Angola Travel Information
Electrical current in Angola is 220 volts, 50Hz. Round two-pin plugs are in use.
The official language of Angola is Portuguese. Multiple other African languages are spoken including Umbundu and Chokwe. Some French and Spanish is also spoken.
Yellow fever vaccinations are required for entry to Angola if coming from infected countries. Malaria, hepatitis A and B, rabies, and polio are all prevalent in the country, which has poor medical facilities excluding those in Luanda.
Travellers should practise food and hygiene measures. Drinking water should be treated or bought in sealed bottles (avoid ice cubes in drinks) and care should be taken with hygiene and food, particularly street food. It is wise to take Malaria prophylaxis when travelling through Angola.
In Luanda there are one or two good private clinics, but these are extremely expensive and require on-the-spot payment. Comprehensive medical insurance is therefore necessary, with provision for medical repatriation by air. The water supply is unsafe to drink, visitors should drink bottle water. Visitors should also avoid eating unpeeled, unwashed fruit and vegetables and be wary of milk and milk products, as these items are often unpasteurised.
If a service charge is not included in the bill, a tip of 10 percent is acceptable, though tipping is not officially encouraged in Angola.
Most foreign governments warn against non-essential travel to parts of Angola due to civil unrest and threats to personal safety of travellers. However, visitors careful with personal security and travelling in a group should encounter few problems. Travel after dark is not recommended. The greatest risk for travellers is crime, particularly in the capital, Luanda, where muggings, car-jackings and armed hold-ups have been reported. Many civilians are armed. Those for whom travel outside of Luanda is essential should travel only with sponsors who have made arrangements for safety and security support. Particularly dangerous are the north and south Luanda Provinces, where the police and armed forces have been actively expelling illegal immigrants and unlicensed diamond prospectors. Cabinda Province is also dangerous; kidnappings and attacks on foreigners have occurred. Travellers should be cautious due to the widespread poverty, disease and shattered infrastructure and the vast amount of unexploded ordnance still present throughout the country. There have been reports of scams by airport officials in Luanda who try to extort money from visitors without a yellow fever vaccination card.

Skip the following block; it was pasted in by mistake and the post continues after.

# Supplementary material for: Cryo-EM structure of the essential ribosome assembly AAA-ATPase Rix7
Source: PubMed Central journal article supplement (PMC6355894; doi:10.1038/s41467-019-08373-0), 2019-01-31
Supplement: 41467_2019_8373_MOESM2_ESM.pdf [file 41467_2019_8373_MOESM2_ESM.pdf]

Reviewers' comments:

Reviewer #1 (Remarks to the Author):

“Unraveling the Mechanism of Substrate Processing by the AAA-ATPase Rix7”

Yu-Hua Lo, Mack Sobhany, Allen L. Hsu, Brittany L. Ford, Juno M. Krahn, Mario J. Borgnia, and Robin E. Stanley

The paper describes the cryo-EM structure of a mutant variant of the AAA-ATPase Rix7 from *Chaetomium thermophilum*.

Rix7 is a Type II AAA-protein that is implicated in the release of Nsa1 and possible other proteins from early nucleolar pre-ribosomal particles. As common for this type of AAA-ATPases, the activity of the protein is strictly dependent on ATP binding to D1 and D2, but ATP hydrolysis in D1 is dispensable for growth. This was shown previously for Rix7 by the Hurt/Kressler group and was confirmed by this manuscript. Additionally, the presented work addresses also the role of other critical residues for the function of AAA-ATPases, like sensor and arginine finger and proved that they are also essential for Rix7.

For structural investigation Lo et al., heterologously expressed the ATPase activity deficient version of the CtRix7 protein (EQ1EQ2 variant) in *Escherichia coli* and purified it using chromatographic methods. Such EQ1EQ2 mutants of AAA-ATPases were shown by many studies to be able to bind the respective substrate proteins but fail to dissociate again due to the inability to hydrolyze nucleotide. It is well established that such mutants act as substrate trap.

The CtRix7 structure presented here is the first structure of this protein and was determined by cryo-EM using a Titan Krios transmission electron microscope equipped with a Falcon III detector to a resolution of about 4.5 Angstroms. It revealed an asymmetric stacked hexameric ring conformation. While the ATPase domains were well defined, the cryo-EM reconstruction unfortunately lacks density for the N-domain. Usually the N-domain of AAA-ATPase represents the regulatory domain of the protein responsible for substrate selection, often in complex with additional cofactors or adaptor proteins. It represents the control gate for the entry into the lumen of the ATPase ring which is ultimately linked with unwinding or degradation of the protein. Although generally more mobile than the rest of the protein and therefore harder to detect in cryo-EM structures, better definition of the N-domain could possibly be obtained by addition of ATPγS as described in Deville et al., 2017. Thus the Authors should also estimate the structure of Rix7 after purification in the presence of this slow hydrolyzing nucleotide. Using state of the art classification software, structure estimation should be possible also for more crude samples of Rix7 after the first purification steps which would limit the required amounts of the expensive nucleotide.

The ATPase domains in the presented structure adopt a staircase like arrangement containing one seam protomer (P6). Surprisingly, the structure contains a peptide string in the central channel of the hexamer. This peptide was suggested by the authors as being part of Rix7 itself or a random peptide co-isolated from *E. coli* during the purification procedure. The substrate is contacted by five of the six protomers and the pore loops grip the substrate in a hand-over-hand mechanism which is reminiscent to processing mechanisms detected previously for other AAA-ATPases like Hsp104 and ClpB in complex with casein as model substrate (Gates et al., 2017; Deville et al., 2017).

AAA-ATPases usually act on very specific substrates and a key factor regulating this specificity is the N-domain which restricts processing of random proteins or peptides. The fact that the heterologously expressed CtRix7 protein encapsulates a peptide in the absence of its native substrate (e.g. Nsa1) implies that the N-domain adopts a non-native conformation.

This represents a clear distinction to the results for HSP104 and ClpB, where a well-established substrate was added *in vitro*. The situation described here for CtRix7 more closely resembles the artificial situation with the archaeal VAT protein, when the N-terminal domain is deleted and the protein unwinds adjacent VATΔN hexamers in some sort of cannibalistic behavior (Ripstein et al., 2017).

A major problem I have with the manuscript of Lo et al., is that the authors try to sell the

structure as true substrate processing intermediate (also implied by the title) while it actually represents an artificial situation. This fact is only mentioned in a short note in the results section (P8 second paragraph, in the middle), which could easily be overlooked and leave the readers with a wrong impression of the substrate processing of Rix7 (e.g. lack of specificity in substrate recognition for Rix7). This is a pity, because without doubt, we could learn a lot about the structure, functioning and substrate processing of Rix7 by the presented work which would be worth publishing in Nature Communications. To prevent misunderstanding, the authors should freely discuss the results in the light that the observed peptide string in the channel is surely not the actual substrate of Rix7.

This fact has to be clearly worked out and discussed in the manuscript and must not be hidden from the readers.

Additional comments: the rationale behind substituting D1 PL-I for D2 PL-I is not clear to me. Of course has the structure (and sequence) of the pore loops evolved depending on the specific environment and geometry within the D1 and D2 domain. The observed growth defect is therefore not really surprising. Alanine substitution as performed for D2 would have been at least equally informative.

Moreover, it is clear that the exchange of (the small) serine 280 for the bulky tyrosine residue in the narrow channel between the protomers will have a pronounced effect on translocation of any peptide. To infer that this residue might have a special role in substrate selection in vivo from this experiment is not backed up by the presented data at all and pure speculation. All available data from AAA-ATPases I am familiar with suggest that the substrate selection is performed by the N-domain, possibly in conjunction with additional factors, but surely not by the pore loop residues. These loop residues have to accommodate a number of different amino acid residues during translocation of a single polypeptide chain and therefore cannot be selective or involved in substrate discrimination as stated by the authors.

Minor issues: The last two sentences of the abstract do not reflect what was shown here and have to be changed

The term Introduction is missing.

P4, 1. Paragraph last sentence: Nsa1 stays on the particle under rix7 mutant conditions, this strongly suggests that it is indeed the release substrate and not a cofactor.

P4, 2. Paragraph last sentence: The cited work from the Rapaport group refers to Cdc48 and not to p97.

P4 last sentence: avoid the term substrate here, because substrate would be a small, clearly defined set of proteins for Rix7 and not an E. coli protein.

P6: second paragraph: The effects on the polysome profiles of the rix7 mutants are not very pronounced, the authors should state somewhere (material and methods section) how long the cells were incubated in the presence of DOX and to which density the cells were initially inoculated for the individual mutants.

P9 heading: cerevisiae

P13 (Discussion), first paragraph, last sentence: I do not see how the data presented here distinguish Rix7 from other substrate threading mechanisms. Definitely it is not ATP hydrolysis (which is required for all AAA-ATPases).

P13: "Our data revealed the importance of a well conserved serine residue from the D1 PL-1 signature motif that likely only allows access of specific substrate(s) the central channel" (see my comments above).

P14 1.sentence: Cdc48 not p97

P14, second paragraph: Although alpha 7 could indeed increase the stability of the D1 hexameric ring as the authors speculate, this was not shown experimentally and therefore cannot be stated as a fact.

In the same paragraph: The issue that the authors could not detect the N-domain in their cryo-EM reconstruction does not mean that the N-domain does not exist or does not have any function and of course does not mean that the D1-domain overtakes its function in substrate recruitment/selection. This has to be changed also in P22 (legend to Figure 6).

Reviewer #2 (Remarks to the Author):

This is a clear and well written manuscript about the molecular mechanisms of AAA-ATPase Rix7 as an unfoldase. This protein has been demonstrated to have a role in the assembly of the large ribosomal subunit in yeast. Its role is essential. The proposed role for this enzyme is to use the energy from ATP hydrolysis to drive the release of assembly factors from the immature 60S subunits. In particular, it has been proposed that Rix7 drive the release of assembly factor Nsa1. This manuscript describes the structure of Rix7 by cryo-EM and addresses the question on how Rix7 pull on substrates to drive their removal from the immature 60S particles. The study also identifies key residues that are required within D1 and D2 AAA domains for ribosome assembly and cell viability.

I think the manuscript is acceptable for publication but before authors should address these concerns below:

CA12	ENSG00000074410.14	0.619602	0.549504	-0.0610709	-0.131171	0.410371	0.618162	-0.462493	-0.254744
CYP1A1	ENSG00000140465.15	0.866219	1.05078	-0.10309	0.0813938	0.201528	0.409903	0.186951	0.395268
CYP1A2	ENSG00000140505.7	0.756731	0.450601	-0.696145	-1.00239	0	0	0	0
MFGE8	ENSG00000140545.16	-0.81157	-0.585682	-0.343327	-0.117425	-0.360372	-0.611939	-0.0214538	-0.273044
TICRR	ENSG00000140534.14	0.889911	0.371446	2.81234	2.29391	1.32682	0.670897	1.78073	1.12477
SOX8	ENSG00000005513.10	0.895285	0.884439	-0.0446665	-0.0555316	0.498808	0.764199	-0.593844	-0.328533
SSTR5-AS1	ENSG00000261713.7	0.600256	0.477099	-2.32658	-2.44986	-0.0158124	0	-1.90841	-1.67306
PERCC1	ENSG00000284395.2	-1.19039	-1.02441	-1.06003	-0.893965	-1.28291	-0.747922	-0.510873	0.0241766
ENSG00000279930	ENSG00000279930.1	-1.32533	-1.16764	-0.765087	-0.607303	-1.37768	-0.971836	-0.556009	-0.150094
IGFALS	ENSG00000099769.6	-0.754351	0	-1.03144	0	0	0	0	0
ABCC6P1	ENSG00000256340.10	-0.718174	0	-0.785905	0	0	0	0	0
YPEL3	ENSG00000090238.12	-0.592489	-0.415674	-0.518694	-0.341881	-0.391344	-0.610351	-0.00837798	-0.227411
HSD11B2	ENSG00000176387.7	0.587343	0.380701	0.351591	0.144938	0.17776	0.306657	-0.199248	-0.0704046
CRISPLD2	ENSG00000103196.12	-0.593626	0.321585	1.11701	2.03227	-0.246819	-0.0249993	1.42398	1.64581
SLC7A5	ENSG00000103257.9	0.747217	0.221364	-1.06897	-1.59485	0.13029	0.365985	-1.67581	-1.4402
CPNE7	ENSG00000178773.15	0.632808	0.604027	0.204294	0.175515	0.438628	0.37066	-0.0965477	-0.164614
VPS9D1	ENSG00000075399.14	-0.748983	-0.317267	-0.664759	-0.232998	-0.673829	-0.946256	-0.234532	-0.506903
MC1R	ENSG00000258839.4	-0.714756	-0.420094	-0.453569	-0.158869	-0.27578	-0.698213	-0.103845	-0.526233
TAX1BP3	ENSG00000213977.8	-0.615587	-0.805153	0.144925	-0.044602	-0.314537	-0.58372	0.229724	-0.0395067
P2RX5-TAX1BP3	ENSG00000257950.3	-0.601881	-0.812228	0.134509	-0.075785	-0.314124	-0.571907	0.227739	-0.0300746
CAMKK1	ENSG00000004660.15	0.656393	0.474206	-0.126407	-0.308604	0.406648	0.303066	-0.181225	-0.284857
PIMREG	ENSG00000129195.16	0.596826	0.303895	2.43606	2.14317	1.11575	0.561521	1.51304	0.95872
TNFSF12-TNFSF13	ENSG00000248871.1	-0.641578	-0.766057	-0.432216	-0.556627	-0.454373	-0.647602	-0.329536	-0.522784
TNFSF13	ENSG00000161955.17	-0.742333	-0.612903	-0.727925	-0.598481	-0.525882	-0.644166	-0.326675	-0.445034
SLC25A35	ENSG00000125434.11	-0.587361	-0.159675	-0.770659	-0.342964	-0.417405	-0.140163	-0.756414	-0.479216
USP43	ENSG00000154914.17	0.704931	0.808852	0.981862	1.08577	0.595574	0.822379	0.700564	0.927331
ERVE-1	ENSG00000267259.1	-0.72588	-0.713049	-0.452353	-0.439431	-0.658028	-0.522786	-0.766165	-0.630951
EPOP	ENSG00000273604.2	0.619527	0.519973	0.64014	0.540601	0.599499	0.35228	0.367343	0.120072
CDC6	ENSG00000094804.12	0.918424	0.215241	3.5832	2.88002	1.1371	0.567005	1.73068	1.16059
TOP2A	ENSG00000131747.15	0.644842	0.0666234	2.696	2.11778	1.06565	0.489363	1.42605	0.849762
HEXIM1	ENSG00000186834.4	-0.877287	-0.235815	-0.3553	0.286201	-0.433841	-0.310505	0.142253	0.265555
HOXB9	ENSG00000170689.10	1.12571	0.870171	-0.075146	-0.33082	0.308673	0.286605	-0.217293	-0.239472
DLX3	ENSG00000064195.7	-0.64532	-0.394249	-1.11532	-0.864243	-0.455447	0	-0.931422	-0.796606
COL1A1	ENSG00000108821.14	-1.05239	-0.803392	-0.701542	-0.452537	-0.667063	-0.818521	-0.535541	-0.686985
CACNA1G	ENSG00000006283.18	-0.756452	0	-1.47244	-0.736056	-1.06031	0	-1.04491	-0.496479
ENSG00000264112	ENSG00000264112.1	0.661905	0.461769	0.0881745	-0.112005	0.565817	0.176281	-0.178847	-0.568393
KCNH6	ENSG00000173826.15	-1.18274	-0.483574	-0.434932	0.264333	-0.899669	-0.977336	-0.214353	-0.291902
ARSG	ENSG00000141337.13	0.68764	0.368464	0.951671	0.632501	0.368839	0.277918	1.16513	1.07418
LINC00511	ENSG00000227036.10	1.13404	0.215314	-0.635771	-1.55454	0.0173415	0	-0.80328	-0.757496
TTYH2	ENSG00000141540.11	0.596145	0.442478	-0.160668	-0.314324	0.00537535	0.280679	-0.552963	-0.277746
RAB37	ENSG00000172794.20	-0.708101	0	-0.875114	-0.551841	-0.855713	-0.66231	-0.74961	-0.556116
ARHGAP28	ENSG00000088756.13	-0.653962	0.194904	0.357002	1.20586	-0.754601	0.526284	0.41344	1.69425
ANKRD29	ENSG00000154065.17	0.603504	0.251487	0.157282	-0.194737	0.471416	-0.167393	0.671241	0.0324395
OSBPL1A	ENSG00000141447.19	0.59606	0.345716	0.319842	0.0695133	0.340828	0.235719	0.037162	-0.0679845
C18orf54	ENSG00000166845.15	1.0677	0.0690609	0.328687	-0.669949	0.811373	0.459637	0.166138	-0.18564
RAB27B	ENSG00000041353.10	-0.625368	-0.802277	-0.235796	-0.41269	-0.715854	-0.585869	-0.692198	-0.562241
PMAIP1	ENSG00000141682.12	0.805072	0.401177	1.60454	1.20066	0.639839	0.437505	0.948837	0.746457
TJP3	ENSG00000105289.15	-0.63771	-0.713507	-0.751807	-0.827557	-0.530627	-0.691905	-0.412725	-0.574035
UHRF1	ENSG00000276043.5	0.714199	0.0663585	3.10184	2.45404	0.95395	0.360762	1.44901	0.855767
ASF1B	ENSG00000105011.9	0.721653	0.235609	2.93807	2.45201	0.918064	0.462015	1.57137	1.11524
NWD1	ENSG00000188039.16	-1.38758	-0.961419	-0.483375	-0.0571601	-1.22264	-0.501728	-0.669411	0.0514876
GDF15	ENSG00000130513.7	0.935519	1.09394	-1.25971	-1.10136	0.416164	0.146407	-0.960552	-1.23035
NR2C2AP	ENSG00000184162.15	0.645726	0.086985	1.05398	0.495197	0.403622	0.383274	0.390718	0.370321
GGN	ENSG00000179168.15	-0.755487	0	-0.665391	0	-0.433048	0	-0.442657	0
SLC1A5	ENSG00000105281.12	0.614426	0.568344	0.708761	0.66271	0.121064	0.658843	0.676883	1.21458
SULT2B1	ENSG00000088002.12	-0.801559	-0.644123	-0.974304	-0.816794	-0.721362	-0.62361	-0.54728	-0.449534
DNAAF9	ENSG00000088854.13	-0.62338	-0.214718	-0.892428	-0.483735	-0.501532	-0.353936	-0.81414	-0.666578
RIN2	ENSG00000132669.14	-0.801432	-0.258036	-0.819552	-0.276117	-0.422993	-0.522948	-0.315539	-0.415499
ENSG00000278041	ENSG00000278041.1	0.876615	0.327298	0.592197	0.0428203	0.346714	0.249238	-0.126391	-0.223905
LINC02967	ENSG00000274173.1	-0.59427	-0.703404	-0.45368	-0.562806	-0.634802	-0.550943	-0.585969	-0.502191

Do not take photographs of government buildings, or use binoculars near them, as this could lead to arrest. Homosexual practices are frowned upon.
Oil is the main industry in Angola, but diamond mining is also important. It is essential to develop personal, face-to-face relationships with local business contacts. Knowledge of Portuguese, the official language, is an advantage as there are limited translation services and outside the oil industry few people speak English fluently; French and Spanish are also useful. Angolan business dress is usually casual; ties are not necessary for men. Office hours are Monday to Friday 7.30am to 6.30pm with a break from 12.30pm; many businesses close on Fridays while some offices will also be open on Saturday mornings from 8.30am.
The international dialling code for Angola is +244. There are many more mobile telephones than fixed lines and the mobile coverage around Luanda and other main centres is much more reliable than fixed lines. Internet access is available at most major hotels.
Travellers to Angola over 18 years do not have to pay duty on 400 cigarettes or 500g cigars or other tobacco products; 250ml eau de toilette, 50ml perfume or aftershave; 2 litres wine or 1 litre spirits and gifts or souvenirs to the value of about US$ 860. Prohibited and restricted items include firearms, ammunition or explosive materials; dangerous medicines, foodstuffs or drugs; pornographic material; plants originating from infected areas; gaming machines; pure alcohol; animals without corresponding certificates and stamps of value.
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